As it was, the Manhattan project had several of both.

          Of course the left loves to distort these facts, http://www.wnd.com/2000/02/4020/ they will never let reality ruin a good narrative.

          It is the same with most serious issues to date.

          1. John H Woods Silver badge

            Re: Would amuse me that after all this fuss...

            You appear to be arguing that I'm wrong but: (1) your statement that nuke secrets leaked because of Soviet infiltration does not prove the Chinese or other non friendly states can (or have) not infiltrated Apple -- indeed it rather suggests the reverse; (2) an ad hominem about "the Left" doesn't advance your argument very much. Tell me again why you think the exploit kit won't leak.

      3. Anonymous Coward
        Anonymous Coward

        Re: Would amuse me that after all this fuss...

        Do you really believe that if Apple did as asked in their own labs that the information to do so would stay there.

        Basic spy-craft would get the information out of apple within hours.

        The act of creating the 'special' version would spell the end of any security for apple.

        The new version would be used to reverse engineer the methods and the changes made, even if the information could not be obtained from apple via spy-craft means.

        I am sure that the FBI could ask for some assistance from the NSA if the problem proved to be too difficult as the NSA would also find the security breaking methods of some use. :)

        I am not an Apple fan by any means (not owning any i-things or wanting to) but must support them in this case.

    4. Doctor Syntax Silver badge

      "But nobody would claim that this establishes a precedent for the FBI walking into everyone's home and opening their file cabinets willy nilly."

      "Would" is a big word. Can you really guarantee that neither the FBI nor some other agency of any state where Apple does business wouldn't claim a precedent? Really?

  3. Keef

    "they are deliberately misrepresenting things for their own ulterior reasons."

    Bang on Sir, bang on.

    Both sides will be doing this, will have done before and will do again.

    Your comment is probably the only thing we will ever be sure of in this sorry saga.

    Have an upvote.

  4. wx666z

    FBI

    Having dealt with the FBI, decades ago, They are not particularly bright. They have history of persecuting some of our (US) best. I would not piss on an FBI agent if they were on fire.

    1. Keef
      Joke

      Re: FBI

      Dear wx666z,

      Why not piss on one first *THEN* set him/her on fire.

      Maybe a bit harsh, but it's the only way they'll learn.

      1. Mark 85 Silver badge
        Devil

        @Keef -- Re: FBI

        But only if you piss petrol....

        1. jake Silver badge

          Re: @Keef -- FBI

          I kinda suspect that if you can piss petrol, and do so on a guy, and then try to set him on fire, you will have the same problem that the guy has. (Ever heard of back-splash"?)

          Logic. We've heard of it ...

        2. kmac499

          Re: @Keef -- FBI

          Pissing Petro l:- Gabriel Byrne as Satan in "End Of Days"

  5. CheesyTheClown

    FBI mishandled evidence again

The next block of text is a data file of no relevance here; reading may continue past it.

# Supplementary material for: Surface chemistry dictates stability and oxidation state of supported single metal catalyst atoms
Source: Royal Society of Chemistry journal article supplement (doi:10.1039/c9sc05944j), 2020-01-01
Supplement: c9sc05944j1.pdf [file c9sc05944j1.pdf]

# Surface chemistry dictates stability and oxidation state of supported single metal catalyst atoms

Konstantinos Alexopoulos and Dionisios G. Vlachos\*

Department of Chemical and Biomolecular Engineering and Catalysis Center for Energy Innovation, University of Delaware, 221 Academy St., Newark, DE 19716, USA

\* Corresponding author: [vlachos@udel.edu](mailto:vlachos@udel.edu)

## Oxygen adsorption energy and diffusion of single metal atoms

Here's the deal,

    1) Confiscate the telephone while it's still powered on and the pin code has been used at least once. When this happens, all data is able to be decrypted through the normal operating system read and write commands. Also, simply dropping or tossing the phone should leave the phone in a still stable state for reading this data.

    2) Attach an external charger to the phone immediately and leave it powered up the entire time until it has reached the forensics lab for data extraction.

    3) Open the phone carefully avoiding removing the power cable and battery cables at the same time.

    4) Ensure the power cord is securely inserted

    5) Remove the iPhone battery and the main screws supporting the system board. It is ok to remove the screen as well. This won't impact the phone operating.

    6) Reattach the battery (better yet, attach a battery that you're 100000% sure is charged). Hot glue the battery connector in place to make sure it doesn't come lose.

    7) Disconnect the power cord from the base of the phone

    8) Life the system board from the phone (gently of course)

    9) Depending on the model, there are a minimum of 5 individual exposed vias or test points for each of the 4 relevant JTAG pins on the Apple CPUs.

    10) Using the ARM ICE debuggers, connect to the CPU and switch to single step mode.

    11) Door is open... from here you can

    a) Extract the hash for the pin code to unlock the device properly. Run the has through John the Ripper to identify a 4 digit collision.

    b) Extract the finger print points used for user verification so they can be fed into the device electronically to unlock sensitive data including bank accounts.

    c) Image the flash after it's been decrypted by calling block access functions on the flash through the OS and therefore decoding the data in the process to get an unencrypted copy (will take as much as 3-4 days due to JTAG performance limitations)

    d) Upload a new program to perform the same copy but bypassing app restrictions and perform it over wireless... takes about an hour.

    e) Call system file i/o functions to read individual files... surprisingly difficult given the object oriented nature of the IOS file store.